How to Take Your Stargazing to the Next Level
OARS’ resident star expert, Lars Haarr, dishes out some stargazing tips that will take you from casual viewer to amateur astronomer in no time
When I was first learning about the night sky it was winter in Utah. This meant the sun set early and there were many hours of darkness, but boy was it cold outside. It was hard to stay outdoors very long on those cold nights, so I spent a lot of cozy time inside with constellation charts and other star books, just trying to learn the different constellation names and how they related to one another. Once I learned the basic outline of a given constellation I would bundle up and head outside. I would then try and locate those particular stars among the myriad of others. The next night I would try to learn a new one and locate it in addition to the previous one. Little by little I increased my knowledge of the night sky, and over time these pictures began to leap out at me without any effort.
If you’re interested in taking your stargazing to the next level, here are a few tips to get started…
1) Invest in a good guide
The best place for anyone to start when they’re getting serious about stars is with a good book for beginners. My personal favorite—the one I bring on all my rafting trips—is The Stars: A New Way to See Them by H.A. Rey. This is the same author who wrote the Curious George books for children, and you’ll notice the same drawing style in all of the illustrations. Not only is this a great beginner book, there is also a more advanced section toward the end of the book called “Some Hows and Whys” which is definitely for someone seeking a good deal more knowledge on the movement of celestial bodies, eclipses, seasons, and such.
If you’re more inclined to study up if the information is on your smartphone, there are several stargazing apps available that can help you become more familiar with what you’re seeing in the sky. I use Sky Guide, which aligns itself with constellations, planets and more when you hold it up to the night sky. And although it has its limitations, it can be a quick way to figure out what you’re looking at when you gaze up.
2) Study the night sky
Once you’ve got a good book (or star chart, app, subscription to an astronomy magazine, etc.), it’s time to study. Some books have charts for each season, or even for each month. This is much less daunting than looking at a chart of the entire sky. So, start with the chart for whatever month it is and familiarize yourself with the names and basic outlines of the main constellations visible at this time. That way, when you get outside you’ll already have a head start. Something else to keep in mind when looking at individual charts is that not every single constellation listed will be visible at all times. Some may rise early and set around midnight, others may rise in the middle of the night and fade away as the light from the rising sun appears in the east. Understanding this apparent motion in the sky takes a bit of practice so don’t get frustrated if at first you can’t find what you are looking for.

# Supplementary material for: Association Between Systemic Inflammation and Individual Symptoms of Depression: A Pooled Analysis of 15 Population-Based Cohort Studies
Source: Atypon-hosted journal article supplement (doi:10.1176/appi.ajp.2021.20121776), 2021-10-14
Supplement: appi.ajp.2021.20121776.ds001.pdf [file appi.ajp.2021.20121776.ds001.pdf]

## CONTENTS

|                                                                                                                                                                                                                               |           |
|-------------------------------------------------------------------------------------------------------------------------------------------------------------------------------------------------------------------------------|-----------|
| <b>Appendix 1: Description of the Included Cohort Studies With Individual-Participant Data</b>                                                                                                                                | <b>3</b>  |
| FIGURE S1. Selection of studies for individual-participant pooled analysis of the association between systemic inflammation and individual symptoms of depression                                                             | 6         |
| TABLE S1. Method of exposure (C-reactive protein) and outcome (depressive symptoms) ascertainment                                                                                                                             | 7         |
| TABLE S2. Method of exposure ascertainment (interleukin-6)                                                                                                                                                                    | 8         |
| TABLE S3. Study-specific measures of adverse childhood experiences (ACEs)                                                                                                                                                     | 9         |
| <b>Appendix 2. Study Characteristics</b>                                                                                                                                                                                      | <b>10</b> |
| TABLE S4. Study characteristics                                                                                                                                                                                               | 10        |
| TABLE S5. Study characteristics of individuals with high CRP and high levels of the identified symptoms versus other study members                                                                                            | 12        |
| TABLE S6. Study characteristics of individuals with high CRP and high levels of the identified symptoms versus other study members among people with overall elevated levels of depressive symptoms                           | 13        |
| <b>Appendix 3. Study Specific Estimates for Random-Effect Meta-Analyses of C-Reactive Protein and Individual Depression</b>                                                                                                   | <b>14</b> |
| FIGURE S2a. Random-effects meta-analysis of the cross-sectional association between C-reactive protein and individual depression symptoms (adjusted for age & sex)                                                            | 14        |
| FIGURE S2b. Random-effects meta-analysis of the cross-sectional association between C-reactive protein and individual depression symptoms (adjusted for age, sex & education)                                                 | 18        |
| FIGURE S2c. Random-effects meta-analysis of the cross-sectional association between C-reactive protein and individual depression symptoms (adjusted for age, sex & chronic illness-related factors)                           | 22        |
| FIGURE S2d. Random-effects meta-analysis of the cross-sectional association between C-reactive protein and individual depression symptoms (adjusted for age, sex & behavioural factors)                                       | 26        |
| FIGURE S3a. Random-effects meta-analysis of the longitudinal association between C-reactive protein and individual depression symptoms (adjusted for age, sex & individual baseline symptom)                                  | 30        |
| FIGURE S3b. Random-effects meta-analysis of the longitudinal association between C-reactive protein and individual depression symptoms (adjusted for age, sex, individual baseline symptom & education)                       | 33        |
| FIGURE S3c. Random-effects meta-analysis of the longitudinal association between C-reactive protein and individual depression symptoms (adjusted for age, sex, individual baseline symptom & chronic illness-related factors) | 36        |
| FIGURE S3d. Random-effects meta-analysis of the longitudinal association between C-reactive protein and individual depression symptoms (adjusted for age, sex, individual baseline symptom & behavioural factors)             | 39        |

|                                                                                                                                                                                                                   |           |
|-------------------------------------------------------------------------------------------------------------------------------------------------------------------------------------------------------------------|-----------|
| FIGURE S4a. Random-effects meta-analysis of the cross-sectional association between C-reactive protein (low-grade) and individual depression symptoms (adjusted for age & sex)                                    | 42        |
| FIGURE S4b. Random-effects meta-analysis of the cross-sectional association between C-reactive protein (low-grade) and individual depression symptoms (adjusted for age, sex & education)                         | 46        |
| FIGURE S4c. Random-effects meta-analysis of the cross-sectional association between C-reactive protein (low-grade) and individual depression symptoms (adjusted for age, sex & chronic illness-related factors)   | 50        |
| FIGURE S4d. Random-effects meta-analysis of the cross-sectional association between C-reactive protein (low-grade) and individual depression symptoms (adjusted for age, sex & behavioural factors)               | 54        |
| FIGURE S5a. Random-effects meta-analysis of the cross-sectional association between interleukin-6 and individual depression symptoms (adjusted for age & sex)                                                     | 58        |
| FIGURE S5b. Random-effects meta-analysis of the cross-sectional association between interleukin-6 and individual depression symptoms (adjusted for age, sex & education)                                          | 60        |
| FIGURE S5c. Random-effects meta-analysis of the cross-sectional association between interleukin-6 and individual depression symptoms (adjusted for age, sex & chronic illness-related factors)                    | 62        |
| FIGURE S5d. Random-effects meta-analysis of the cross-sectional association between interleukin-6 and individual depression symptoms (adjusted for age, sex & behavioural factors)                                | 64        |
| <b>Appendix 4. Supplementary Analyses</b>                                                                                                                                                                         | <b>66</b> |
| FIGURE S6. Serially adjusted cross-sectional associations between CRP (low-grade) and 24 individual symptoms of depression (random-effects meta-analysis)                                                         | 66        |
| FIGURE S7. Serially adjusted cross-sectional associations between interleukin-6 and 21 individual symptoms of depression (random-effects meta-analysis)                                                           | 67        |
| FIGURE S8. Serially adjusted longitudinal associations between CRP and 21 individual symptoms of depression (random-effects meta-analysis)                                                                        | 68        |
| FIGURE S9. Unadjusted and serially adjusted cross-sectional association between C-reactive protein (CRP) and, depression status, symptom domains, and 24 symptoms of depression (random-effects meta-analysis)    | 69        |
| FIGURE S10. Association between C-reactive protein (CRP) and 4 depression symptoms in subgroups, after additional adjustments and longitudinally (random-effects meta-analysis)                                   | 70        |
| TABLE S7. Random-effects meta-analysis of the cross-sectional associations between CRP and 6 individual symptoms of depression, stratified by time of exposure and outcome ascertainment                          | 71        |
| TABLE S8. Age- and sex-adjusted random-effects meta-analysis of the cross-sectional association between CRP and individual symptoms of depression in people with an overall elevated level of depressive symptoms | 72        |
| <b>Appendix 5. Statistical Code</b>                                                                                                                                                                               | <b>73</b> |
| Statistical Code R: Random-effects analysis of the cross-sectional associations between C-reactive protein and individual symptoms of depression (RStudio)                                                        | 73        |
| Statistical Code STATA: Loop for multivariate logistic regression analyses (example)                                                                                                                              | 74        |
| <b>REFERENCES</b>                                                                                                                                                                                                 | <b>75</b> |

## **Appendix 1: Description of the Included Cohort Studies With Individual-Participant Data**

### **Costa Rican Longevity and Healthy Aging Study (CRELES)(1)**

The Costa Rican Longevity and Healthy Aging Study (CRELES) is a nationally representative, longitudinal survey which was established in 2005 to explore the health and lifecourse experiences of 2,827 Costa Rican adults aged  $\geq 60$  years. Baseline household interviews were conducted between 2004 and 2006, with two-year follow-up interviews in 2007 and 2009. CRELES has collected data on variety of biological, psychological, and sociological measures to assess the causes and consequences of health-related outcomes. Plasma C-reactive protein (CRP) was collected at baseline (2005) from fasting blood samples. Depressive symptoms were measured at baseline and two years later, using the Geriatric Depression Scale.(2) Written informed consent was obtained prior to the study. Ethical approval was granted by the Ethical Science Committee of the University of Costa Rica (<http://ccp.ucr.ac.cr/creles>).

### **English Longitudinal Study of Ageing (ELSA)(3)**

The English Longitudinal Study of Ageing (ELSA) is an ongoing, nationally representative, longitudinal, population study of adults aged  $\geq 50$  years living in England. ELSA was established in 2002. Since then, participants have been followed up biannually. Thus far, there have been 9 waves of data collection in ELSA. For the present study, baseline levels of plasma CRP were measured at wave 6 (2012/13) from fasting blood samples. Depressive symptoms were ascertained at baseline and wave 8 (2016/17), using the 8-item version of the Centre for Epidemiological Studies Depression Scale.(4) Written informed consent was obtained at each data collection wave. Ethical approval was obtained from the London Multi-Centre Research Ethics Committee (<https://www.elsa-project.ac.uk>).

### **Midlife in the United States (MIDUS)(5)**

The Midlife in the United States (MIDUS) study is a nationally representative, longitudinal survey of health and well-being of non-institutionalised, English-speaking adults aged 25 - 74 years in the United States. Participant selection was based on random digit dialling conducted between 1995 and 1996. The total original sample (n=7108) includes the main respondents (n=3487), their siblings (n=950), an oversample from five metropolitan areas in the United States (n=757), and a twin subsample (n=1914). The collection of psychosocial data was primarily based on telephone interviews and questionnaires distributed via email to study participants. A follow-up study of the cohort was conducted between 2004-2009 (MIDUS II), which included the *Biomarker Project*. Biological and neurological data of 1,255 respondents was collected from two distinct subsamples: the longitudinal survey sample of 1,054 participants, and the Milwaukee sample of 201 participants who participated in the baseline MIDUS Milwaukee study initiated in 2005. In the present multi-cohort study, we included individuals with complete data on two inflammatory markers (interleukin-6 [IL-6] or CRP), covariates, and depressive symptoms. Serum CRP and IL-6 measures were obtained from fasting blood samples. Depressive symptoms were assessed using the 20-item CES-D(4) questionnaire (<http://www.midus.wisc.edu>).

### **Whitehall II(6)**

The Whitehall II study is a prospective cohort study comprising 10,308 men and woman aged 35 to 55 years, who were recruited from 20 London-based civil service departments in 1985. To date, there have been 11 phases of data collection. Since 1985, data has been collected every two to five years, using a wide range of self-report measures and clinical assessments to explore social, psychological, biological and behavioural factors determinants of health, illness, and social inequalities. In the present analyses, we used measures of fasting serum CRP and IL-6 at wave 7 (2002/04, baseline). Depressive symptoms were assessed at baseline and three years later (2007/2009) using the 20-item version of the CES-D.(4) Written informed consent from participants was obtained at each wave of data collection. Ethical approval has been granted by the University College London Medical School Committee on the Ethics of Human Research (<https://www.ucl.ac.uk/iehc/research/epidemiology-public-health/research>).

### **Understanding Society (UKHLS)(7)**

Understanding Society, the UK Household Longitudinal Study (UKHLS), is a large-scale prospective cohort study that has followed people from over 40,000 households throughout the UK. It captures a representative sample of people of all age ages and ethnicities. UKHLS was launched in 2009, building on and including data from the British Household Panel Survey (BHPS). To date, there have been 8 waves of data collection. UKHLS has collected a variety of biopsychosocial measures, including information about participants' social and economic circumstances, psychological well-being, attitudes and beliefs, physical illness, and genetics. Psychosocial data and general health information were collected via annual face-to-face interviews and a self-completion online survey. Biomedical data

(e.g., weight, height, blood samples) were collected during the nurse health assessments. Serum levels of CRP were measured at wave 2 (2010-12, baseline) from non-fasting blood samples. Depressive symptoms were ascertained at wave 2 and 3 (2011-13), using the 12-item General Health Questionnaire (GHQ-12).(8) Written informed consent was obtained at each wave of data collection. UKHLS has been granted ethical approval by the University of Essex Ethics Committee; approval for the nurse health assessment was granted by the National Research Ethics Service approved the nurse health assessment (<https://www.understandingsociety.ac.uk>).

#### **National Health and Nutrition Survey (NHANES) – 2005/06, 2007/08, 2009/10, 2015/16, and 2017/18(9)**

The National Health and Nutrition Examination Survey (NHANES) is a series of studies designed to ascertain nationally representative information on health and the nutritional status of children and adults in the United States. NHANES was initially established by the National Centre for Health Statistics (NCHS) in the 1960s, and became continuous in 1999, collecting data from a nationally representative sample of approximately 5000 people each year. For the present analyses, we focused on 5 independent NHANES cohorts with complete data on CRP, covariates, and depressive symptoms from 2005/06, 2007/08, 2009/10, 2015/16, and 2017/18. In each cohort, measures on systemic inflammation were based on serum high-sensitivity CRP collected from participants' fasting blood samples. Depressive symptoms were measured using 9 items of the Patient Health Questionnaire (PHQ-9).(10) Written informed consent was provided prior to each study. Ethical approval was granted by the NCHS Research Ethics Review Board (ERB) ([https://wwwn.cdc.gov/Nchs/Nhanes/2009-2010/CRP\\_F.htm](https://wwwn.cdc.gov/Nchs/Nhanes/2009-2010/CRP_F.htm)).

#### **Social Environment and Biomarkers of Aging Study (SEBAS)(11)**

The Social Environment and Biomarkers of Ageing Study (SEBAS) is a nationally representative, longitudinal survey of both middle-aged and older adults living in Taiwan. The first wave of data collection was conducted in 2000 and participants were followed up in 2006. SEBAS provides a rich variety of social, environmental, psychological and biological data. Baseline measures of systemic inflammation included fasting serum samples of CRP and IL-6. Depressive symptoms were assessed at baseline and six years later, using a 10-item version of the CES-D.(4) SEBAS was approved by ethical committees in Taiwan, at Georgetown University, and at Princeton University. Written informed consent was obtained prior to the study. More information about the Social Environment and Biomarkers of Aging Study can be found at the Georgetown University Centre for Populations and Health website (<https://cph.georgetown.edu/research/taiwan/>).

3) Protect your night vision
It can take at least 20 minutes for our eyes to become adjusted to the dark and a quick flash of the wrong type of light can quickly reset our eyes. This results in absolute, inky blackness for a minute or two after being exposed to light. A red light, however, will allow you to see where you’re going at night but won’t wreck your night vision; basically this means your eyes will adjust back to the natural darkness much faster after the light source is turned off. Invest in a headlamp with red LED technology. Or, if you want a cheap fix for a white light you already have, get a roll of red plastic food wrap from the store and wrap a bit around the lens, securing it with tape or a rubber band.
4) Locate a dark sky place
The best way to learn the stars is to get real-world experience. While you can head to any natural area nearby and likely get some pretty good views of the night sky, it’s worth planning a camping trip (or river trip!) in a remote wilderness area to set yourself up for prime stargazing conditions. Need a little inspiration for where to go? The International Dark Sky Association has a database of officially-designated “Dark Sky Places” throughout the world. Just enter in a location and how far you’re willing to travel and hit the search button. You’ll be off on a stargazing adventure in no time.
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Photos: Stargazers under arch – Brooke Lark/Unsplash; Starry night in Cataract Canyon – Whit Richardson